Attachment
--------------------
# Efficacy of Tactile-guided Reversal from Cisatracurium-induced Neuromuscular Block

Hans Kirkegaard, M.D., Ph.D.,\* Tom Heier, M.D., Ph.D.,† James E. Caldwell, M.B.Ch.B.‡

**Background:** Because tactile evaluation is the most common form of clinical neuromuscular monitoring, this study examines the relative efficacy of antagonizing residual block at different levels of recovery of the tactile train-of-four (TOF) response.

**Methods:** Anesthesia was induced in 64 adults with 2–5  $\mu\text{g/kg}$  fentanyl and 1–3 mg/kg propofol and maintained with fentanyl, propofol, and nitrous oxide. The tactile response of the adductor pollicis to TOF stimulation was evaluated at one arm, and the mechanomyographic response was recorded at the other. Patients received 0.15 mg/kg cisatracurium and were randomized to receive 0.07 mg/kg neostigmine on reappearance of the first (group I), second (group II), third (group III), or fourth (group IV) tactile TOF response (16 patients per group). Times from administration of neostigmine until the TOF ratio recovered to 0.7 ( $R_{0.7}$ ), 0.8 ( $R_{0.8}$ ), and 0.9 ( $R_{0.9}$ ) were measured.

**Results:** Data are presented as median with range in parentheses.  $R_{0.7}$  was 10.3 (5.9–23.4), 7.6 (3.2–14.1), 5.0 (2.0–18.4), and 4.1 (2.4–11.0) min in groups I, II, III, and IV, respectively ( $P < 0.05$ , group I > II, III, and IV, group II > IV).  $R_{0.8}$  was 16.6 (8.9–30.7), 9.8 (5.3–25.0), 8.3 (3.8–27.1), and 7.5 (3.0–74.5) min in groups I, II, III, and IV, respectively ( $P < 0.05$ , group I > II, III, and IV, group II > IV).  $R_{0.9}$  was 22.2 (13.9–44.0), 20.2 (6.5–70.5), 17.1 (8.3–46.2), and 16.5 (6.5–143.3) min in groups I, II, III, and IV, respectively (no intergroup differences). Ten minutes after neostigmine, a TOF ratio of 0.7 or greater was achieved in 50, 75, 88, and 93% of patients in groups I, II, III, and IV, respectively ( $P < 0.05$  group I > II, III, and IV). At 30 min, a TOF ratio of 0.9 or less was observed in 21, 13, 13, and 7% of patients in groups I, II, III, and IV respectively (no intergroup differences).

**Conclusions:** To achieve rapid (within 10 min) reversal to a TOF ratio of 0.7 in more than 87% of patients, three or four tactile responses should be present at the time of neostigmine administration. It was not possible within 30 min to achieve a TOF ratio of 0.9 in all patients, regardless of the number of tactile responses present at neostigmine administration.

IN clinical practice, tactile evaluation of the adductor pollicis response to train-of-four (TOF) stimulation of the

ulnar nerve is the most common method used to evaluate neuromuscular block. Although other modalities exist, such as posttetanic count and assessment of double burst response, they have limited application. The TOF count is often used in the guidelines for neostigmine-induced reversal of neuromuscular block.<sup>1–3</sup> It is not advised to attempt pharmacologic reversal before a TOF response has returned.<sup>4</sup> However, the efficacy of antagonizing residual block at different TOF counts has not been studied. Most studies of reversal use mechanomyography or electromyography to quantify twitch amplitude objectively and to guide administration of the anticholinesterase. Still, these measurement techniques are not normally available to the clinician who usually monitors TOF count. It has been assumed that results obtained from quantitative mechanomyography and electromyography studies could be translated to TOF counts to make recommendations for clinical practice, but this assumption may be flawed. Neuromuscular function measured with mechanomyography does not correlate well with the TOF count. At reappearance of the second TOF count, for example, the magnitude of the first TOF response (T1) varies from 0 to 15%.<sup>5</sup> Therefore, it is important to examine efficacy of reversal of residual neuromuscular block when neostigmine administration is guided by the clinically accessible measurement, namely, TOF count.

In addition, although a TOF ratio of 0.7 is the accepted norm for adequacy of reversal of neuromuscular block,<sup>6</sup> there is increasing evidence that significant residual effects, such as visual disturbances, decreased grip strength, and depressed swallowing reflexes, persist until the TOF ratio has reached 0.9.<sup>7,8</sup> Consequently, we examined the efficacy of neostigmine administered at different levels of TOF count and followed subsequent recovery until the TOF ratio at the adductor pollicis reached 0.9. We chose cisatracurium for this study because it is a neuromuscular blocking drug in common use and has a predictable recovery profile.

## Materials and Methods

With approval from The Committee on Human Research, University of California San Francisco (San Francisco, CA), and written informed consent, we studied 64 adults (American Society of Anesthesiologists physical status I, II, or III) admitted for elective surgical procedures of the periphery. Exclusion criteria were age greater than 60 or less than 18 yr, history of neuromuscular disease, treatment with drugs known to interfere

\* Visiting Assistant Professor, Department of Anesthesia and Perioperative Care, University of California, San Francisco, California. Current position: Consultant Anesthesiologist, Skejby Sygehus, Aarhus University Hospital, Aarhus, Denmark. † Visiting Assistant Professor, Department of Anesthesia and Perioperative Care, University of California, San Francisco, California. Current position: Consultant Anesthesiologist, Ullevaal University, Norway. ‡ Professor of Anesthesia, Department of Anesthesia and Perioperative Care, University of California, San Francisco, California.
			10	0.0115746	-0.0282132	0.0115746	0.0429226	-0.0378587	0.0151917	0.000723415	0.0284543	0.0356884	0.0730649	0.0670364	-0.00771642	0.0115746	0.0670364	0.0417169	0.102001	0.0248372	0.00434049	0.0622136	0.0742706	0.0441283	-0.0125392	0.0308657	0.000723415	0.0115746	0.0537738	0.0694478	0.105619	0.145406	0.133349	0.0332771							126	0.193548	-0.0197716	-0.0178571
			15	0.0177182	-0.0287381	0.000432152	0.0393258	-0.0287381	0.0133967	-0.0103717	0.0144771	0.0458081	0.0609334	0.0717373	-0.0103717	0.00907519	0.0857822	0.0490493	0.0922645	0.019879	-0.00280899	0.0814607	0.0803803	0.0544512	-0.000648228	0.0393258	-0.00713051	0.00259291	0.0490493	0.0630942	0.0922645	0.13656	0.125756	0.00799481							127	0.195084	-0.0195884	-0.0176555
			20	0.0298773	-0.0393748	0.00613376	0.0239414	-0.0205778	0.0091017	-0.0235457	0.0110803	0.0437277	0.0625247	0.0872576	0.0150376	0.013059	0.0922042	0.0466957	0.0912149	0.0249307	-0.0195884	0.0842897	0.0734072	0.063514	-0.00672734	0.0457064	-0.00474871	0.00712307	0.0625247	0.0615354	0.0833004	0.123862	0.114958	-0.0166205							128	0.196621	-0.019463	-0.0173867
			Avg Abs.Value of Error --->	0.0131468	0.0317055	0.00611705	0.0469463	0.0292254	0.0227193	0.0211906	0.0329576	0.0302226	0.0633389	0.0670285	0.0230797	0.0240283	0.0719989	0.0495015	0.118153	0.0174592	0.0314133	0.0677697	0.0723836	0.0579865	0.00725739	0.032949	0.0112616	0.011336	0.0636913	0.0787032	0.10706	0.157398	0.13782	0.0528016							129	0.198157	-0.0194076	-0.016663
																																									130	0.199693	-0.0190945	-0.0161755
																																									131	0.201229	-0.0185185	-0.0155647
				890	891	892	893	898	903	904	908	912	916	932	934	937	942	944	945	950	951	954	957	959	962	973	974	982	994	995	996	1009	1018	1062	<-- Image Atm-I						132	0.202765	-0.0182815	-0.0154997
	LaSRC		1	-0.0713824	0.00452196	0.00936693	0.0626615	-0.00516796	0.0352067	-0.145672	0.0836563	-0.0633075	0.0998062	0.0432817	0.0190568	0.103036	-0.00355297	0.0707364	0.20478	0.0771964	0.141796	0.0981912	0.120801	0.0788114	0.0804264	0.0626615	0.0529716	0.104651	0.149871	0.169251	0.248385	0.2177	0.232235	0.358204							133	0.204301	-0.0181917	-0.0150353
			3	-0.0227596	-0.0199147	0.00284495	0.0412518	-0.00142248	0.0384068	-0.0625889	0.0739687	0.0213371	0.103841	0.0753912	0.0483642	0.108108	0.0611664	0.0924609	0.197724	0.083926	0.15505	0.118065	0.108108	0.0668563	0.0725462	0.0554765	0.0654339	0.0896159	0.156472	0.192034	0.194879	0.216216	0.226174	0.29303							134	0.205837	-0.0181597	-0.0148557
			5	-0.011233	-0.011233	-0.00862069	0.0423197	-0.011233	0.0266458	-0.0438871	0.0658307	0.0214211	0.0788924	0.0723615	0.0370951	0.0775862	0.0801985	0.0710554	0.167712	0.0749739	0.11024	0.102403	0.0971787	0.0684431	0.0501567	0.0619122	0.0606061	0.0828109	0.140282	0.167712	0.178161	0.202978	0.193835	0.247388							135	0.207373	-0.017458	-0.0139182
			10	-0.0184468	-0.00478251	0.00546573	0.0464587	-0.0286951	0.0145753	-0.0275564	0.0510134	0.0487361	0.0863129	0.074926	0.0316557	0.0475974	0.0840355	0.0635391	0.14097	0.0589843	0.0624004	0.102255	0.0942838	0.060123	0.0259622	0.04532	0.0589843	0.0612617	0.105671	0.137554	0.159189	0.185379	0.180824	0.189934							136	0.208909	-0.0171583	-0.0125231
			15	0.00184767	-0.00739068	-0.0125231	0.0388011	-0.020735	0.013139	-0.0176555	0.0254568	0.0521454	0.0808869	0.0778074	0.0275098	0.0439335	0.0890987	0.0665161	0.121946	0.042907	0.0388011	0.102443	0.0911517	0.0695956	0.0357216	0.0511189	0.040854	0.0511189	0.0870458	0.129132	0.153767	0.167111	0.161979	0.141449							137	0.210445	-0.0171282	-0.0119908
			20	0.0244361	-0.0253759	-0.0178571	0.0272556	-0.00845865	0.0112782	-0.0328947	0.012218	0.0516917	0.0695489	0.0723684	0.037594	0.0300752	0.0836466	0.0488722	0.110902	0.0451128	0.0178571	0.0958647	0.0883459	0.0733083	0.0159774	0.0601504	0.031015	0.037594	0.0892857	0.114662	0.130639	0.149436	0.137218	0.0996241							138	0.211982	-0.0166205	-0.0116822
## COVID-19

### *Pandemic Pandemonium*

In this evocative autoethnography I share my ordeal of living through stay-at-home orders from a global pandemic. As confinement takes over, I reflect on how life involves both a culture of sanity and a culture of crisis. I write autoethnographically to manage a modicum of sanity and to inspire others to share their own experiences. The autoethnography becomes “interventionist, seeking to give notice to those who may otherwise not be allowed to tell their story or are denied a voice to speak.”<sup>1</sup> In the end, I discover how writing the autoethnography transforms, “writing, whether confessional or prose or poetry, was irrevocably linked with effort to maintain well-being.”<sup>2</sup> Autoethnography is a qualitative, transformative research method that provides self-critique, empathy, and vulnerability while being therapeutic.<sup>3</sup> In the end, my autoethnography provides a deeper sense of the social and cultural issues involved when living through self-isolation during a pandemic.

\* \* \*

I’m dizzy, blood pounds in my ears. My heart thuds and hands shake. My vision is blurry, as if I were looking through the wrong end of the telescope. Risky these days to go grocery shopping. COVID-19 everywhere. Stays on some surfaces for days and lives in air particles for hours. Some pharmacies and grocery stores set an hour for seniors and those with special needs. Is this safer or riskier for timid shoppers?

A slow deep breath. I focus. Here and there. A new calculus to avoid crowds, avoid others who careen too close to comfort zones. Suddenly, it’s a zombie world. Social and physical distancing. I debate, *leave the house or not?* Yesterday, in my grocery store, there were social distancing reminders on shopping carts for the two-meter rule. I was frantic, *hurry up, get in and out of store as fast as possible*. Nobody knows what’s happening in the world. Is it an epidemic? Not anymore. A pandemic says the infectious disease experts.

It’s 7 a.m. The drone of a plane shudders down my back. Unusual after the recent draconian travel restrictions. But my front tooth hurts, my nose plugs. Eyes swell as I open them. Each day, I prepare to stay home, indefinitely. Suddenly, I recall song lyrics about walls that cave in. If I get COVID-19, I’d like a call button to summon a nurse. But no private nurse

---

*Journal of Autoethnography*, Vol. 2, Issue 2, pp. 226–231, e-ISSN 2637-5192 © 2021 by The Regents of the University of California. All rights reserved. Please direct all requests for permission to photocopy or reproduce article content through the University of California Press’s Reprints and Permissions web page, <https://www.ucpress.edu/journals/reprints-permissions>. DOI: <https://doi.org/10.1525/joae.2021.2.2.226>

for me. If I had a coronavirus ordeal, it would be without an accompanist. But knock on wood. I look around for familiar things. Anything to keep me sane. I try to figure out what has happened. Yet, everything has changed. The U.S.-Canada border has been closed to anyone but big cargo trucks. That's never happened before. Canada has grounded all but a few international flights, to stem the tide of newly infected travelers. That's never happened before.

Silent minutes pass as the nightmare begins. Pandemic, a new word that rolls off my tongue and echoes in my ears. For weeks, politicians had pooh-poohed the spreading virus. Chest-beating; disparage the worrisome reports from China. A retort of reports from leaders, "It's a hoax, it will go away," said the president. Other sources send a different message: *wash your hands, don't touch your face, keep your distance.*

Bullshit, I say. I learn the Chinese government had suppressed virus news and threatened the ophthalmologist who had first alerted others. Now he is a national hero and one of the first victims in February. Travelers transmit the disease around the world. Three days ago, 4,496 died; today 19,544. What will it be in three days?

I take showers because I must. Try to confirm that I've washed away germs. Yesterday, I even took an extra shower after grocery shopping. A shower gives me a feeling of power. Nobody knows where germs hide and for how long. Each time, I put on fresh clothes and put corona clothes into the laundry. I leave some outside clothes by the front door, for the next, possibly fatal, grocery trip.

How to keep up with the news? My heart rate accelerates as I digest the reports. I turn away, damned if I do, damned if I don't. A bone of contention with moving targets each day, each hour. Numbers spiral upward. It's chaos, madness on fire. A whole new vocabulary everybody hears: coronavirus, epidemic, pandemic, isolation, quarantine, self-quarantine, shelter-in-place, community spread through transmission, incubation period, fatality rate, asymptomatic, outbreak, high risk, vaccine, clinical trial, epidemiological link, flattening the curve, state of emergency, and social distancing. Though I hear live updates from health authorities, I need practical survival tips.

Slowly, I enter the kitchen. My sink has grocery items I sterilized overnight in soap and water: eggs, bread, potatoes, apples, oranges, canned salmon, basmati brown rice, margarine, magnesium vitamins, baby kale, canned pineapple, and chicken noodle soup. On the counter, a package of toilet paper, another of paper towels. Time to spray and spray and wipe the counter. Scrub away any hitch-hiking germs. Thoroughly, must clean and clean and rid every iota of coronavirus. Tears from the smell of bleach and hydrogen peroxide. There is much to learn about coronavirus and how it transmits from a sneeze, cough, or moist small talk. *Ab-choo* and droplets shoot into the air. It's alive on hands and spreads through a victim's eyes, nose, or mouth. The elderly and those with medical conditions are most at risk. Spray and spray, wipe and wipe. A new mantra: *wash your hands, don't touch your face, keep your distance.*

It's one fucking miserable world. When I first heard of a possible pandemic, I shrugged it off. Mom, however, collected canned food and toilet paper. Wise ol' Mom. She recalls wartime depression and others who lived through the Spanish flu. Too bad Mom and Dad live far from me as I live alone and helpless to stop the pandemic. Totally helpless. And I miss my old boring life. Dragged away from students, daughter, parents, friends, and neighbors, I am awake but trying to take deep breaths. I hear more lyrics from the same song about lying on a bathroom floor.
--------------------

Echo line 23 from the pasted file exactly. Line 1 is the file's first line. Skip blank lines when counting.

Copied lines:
			10	-0.0184468	-0.00478251	0.00546573	0.0464587	-0.0286951	0.0145753	-0.0275564	0.0510134	0.0487361	0.0863129	0.074926	0.0316557	0.0475974	0.0840355	0.0635391	0.14097	0.0589843	0.0624004	0.102255	0.0942838	0.060123	0.0259622	0.04532	0.0589843	0.0612617	0.105671	0.137554	0.159189	0.185379	0.180824	0.189934							136	0.208909	-0.0171583	-0.0125231